Eichi Kudo (1929-2000), descended from samurai, made a handful of classic samurai films that had subtitled prints in the US, Canada, & Hawaii in the 1950s & 1960s, seen almost exclusively in ethnic movie houses, & rerun periodically until those cinemas began dying off late in the 1970s.
These were never well known on the film festival circuit nor to non-ethnic cinema houses, otherwise Kudo's name might've become well known in the west. Even today his films are available subtitled only thanks to the grey market, copies either recorded off the air in Hawaii or as "fan-subbed" decent quality pirate dvd editions.
But the bogger reason Kudo's reputation remained limited was the studio system which did not support very many directors to pursue their own film projects, & Toei Studios more rigidly than most preferred to assign commercial projects.
So Eiichi Kudo's name appears on a large number of charming, upbeat, trivial films, sometimes with big stars who controlled their own images, such as singer Misora Hibari, piffle like Flowers on the Road (Hanakago dochu, 1961); or films for youth-stars, such as Mansion of Vendetta (Chimoji yashiki, 1962) or Death Duel (Ninkyo kisogarasu, 1965), both starring Hashizo Okawa & Kudo's favorite mature actor, Ryotaro Otomo; plus yakuza-eiga during the waning years of Japanese gangster films.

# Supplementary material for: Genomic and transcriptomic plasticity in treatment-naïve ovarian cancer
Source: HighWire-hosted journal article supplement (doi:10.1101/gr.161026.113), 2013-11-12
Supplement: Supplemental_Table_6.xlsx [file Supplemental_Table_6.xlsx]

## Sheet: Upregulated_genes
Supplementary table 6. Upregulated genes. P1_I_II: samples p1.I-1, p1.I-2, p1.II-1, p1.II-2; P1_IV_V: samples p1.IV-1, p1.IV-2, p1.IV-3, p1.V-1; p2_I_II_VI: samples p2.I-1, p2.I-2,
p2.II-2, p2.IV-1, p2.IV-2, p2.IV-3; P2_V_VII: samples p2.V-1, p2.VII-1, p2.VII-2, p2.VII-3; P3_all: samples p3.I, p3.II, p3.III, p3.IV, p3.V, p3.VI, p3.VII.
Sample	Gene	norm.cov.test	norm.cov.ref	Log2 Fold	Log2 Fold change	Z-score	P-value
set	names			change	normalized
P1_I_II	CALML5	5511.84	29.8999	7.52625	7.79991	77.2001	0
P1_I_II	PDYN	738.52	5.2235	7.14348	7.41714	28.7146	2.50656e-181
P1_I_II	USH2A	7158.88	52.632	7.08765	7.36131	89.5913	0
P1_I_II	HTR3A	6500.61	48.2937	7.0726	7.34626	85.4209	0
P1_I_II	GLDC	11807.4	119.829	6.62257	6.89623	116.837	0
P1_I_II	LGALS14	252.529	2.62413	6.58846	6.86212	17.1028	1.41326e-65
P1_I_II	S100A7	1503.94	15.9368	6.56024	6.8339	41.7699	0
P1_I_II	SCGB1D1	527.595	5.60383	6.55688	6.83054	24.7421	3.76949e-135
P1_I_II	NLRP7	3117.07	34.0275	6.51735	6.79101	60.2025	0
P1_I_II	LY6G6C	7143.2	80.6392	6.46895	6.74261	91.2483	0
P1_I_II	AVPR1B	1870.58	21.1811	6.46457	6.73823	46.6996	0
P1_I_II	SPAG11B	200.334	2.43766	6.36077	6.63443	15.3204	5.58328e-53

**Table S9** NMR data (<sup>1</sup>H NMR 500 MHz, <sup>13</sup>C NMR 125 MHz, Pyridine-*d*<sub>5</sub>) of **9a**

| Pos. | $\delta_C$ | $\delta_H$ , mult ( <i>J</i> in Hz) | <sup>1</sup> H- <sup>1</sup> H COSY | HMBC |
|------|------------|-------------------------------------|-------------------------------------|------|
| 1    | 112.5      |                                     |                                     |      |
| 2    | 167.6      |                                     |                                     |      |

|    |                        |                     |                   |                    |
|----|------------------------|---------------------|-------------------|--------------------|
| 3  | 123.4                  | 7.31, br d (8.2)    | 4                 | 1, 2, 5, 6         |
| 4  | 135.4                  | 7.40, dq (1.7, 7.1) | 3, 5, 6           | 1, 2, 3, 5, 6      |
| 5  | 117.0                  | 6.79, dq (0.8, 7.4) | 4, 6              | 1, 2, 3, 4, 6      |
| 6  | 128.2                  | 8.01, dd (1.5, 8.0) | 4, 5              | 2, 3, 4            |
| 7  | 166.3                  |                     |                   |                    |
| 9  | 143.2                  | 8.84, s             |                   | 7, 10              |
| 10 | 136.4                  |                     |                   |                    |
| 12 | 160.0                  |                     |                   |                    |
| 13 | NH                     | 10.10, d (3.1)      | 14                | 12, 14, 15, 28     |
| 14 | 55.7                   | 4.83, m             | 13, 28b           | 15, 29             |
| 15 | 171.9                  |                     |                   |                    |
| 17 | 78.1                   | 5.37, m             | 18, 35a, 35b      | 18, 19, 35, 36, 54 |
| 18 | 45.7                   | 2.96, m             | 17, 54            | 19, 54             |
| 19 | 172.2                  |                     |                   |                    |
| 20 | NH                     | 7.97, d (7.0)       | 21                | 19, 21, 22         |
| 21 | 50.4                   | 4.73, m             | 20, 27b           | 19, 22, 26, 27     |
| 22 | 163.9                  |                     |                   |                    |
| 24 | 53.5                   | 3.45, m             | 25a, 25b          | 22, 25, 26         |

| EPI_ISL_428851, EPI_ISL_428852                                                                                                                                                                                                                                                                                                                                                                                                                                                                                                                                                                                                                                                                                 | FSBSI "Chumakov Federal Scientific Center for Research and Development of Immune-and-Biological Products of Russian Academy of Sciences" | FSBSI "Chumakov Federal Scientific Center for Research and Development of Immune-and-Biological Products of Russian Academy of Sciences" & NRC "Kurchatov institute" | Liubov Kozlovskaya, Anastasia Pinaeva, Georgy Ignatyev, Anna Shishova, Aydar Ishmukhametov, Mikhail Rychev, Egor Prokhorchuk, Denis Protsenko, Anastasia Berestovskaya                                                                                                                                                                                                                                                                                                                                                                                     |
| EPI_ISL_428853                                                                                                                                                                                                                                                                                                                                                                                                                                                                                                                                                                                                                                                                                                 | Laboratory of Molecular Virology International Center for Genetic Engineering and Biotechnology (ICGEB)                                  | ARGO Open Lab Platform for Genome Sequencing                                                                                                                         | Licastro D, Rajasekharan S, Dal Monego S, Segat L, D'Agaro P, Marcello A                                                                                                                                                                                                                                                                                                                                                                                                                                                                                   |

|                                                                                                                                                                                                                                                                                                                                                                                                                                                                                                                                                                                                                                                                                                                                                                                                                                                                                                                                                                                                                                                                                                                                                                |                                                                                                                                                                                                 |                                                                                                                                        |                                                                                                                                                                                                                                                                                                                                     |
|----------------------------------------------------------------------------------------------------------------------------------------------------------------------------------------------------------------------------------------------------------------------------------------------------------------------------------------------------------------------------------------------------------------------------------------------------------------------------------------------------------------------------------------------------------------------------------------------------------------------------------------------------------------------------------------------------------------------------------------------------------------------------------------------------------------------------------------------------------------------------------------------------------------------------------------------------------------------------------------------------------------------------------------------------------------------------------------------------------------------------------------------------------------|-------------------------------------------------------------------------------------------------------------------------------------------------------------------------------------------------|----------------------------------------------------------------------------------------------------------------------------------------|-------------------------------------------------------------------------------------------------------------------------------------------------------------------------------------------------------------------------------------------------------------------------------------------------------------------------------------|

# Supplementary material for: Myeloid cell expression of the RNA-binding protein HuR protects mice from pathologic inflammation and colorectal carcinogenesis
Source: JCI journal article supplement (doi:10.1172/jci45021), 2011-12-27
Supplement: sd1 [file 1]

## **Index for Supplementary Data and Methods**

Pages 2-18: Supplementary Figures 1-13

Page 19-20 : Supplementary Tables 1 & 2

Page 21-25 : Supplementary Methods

By the time he made the absurdist ninja fantasy Hanzo Hattori: Shadow Warriors (Kage no gundan Hattori Hanzo, 1979) he was hardly more than an emblem of a serious decline throughout the industry, the '70s having become a near wasteland compared to the classic jidai-geki of the '50s & '60s. Ultimately Kudo ended up in television work.
So his was to be a long-lasting & successful career, but all too rarely with anything approaching freedom to achieve art.
There was a brief window when zongoku-jidai-geki, or "cruel history tales," were fashionable, when Kudo was allowed to make his best films, which number a scant three: The Thirteen Assassins (Juusan-nin no shikaku, 1963), The Great Killing (Dai satsujin (1964), & Eleven Samurai (Ju-ichinin no samurai, 1966), constituting his "revenge trilogy" also called the "samurai revolution trilogy."
One of the romantic things about films of medieval Japan is how historically the nation was knit together with footpaths & in so much of the cinema, heroes walk from place to place, through stunningly beautiful landscapes. This also sets samurai films apart from westerns, which are almost always populated with more horses than people.